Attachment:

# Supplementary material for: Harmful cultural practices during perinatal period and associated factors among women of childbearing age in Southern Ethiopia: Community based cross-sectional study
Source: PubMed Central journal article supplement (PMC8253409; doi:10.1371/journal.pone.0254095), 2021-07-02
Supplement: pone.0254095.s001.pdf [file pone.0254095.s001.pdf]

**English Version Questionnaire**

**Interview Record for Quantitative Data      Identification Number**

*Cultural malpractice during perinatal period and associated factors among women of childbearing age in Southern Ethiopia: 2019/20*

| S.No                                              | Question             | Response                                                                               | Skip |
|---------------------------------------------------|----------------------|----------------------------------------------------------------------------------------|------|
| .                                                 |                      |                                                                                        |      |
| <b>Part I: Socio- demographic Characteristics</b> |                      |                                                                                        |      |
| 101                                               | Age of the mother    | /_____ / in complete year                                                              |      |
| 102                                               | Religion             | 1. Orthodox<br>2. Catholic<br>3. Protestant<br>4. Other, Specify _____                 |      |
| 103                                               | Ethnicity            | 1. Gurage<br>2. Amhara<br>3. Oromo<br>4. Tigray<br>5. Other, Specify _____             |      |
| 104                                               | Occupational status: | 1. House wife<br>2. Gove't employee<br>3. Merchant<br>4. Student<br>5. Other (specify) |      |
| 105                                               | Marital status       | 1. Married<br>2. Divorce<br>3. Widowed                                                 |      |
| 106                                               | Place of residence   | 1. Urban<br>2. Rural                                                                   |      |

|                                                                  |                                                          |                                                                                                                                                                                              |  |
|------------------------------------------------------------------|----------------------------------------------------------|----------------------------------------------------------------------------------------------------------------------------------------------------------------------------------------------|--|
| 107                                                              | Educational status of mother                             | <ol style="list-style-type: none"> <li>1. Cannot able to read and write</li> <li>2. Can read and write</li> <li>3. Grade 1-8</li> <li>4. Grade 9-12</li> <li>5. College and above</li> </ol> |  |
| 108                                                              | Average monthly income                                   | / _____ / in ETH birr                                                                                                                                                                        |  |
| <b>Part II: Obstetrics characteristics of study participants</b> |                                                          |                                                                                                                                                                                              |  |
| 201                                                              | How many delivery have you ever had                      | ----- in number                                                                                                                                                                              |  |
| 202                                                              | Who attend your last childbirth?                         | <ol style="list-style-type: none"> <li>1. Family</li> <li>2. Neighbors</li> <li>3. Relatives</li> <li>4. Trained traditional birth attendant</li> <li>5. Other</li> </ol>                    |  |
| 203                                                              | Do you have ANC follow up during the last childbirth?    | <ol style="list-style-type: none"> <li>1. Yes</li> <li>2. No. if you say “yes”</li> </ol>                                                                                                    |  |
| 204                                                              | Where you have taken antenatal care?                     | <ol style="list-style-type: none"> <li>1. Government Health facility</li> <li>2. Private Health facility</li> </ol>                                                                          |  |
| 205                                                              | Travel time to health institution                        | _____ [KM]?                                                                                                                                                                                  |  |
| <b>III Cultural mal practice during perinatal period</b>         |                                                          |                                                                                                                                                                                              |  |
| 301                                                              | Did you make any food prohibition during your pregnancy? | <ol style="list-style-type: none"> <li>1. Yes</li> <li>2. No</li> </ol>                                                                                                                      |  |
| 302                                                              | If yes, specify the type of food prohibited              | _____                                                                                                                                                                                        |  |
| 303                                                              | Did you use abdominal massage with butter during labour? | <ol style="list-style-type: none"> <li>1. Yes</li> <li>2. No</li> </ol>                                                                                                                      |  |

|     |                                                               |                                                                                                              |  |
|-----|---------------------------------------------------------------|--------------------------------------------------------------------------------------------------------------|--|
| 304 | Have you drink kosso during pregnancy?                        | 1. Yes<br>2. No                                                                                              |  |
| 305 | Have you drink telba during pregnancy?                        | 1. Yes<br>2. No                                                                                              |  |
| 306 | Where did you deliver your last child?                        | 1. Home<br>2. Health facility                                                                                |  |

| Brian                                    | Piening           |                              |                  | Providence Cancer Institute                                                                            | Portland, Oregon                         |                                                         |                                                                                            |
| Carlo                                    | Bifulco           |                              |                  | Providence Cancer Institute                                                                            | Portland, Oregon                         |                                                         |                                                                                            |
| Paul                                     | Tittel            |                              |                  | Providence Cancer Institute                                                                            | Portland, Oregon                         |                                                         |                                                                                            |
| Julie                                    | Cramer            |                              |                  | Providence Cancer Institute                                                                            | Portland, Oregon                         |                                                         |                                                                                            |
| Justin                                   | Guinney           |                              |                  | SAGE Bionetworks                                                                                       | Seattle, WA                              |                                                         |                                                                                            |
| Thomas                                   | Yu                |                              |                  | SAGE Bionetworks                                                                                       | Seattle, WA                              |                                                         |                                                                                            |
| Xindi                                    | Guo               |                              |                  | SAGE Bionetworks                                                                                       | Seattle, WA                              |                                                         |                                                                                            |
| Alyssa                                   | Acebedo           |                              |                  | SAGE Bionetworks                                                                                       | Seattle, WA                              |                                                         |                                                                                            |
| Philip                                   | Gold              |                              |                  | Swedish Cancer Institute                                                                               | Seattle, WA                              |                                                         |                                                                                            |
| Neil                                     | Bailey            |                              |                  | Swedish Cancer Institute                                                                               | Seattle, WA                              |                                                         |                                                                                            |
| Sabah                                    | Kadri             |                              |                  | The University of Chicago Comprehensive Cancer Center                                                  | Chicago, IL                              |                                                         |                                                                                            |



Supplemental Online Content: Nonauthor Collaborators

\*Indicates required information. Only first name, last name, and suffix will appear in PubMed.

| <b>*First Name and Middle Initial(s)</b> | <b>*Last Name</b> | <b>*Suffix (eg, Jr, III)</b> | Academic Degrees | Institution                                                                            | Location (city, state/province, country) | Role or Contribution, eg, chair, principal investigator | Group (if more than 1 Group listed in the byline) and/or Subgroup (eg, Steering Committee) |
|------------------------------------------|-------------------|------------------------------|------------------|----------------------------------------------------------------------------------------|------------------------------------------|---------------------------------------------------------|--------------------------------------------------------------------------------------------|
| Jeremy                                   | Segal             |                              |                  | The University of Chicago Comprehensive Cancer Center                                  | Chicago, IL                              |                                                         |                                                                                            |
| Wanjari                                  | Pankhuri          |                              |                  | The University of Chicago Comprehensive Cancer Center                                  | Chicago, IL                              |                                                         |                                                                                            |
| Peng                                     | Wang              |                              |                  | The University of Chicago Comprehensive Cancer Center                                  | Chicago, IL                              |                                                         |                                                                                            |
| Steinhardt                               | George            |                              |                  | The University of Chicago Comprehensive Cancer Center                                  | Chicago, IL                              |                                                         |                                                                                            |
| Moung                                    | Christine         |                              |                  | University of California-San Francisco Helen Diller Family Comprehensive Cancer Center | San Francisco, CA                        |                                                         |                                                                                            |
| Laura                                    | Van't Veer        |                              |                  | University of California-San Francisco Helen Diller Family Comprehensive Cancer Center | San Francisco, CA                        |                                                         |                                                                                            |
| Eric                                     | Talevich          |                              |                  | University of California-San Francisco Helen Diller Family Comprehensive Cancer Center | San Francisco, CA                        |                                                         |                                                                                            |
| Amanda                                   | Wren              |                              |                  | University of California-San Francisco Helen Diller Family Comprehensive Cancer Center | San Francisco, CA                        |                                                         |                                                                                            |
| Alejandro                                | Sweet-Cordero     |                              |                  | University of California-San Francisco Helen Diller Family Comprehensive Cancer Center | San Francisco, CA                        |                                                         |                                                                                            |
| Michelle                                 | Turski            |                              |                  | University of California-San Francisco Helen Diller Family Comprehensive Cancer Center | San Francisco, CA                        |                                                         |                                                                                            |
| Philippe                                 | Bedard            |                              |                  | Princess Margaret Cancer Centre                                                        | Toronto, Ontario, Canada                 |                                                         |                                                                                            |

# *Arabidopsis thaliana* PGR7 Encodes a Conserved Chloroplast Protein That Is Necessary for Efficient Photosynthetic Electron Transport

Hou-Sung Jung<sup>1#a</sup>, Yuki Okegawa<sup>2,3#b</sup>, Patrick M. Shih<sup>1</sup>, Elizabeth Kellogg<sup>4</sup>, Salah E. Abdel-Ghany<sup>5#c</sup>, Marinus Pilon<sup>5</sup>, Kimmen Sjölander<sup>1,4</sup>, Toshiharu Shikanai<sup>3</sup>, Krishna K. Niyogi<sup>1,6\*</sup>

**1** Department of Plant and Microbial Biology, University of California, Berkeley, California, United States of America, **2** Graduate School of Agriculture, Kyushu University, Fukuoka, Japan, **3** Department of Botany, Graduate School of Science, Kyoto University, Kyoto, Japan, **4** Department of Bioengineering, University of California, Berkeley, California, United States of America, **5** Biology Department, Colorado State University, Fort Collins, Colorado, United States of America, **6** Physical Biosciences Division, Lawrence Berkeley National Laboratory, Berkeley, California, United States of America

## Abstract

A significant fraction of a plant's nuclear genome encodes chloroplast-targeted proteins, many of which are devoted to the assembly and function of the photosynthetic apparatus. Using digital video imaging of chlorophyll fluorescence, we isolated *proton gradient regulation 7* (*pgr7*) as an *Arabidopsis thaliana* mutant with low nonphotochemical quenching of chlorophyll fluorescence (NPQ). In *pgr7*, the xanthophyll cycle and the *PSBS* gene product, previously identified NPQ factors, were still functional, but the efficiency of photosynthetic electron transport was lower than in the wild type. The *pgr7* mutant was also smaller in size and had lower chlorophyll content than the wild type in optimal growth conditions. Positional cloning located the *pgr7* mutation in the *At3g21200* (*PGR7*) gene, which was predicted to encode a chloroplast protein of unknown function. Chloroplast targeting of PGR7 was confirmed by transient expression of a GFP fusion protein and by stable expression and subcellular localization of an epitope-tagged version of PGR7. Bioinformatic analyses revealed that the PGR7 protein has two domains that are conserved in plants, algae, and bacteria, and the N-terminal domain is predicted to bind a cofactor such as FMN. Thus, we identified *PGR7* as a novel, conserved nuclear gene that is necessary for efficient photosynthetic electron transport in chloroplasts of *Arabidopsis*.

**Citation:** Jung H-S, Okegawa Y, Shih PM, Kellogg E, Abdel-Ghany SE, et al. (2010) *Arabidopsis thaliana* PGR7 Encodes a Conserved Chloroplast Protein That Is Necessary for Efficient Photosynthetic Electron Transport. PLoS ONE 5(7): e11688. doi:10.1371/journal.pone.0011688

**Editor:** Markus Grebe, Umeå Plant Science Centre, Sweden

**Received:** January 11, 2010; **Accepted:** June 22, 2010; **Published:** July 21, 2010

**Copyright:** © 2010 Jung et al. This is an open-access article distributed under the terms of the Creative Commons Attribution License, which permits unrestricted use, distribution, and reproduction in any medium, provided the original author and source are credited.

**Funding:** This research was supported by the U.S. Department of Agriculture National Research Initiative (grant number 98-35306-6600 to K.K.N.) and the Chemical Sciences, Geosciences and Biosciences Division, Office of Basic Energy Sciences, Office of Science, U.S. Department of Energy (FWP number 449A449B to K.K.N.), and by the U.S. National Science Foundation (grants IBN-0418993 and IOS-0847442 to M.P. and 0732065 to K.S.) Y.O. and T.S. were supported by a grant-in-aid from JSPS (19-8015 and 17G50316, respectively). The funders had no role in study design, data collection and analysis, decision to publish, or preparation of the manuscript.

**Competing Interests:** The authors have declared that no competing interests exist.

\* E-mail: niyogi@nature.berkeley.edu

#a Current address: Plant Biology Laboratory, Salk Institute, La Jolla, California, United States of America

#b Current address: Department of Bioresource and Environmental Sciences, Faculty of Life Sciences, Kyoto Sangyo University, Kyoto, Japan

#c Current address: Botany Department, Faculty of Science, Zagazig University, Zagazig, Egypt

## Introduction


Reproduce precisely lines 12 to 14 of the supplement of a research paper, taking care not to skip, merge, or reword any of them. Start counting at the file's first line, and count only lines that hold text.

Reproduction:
| 102                                               | Religion             | 1. Orthodox<br>2. Catholic<br>3. Protestant<br>4. Other, Specify _____                 |      |
| 103                                               | Ethnicity            | 1. Gurage<br>2. Amhara<br>3. Oromo<br>4. Tigray<br>5. Other, Specify _____             |      |
| 104                                               | Occupational status: | 1. House wife<br>2. Gove't employee<br>3. Merchant<br>4. Student<br>5. Other (specify) |      |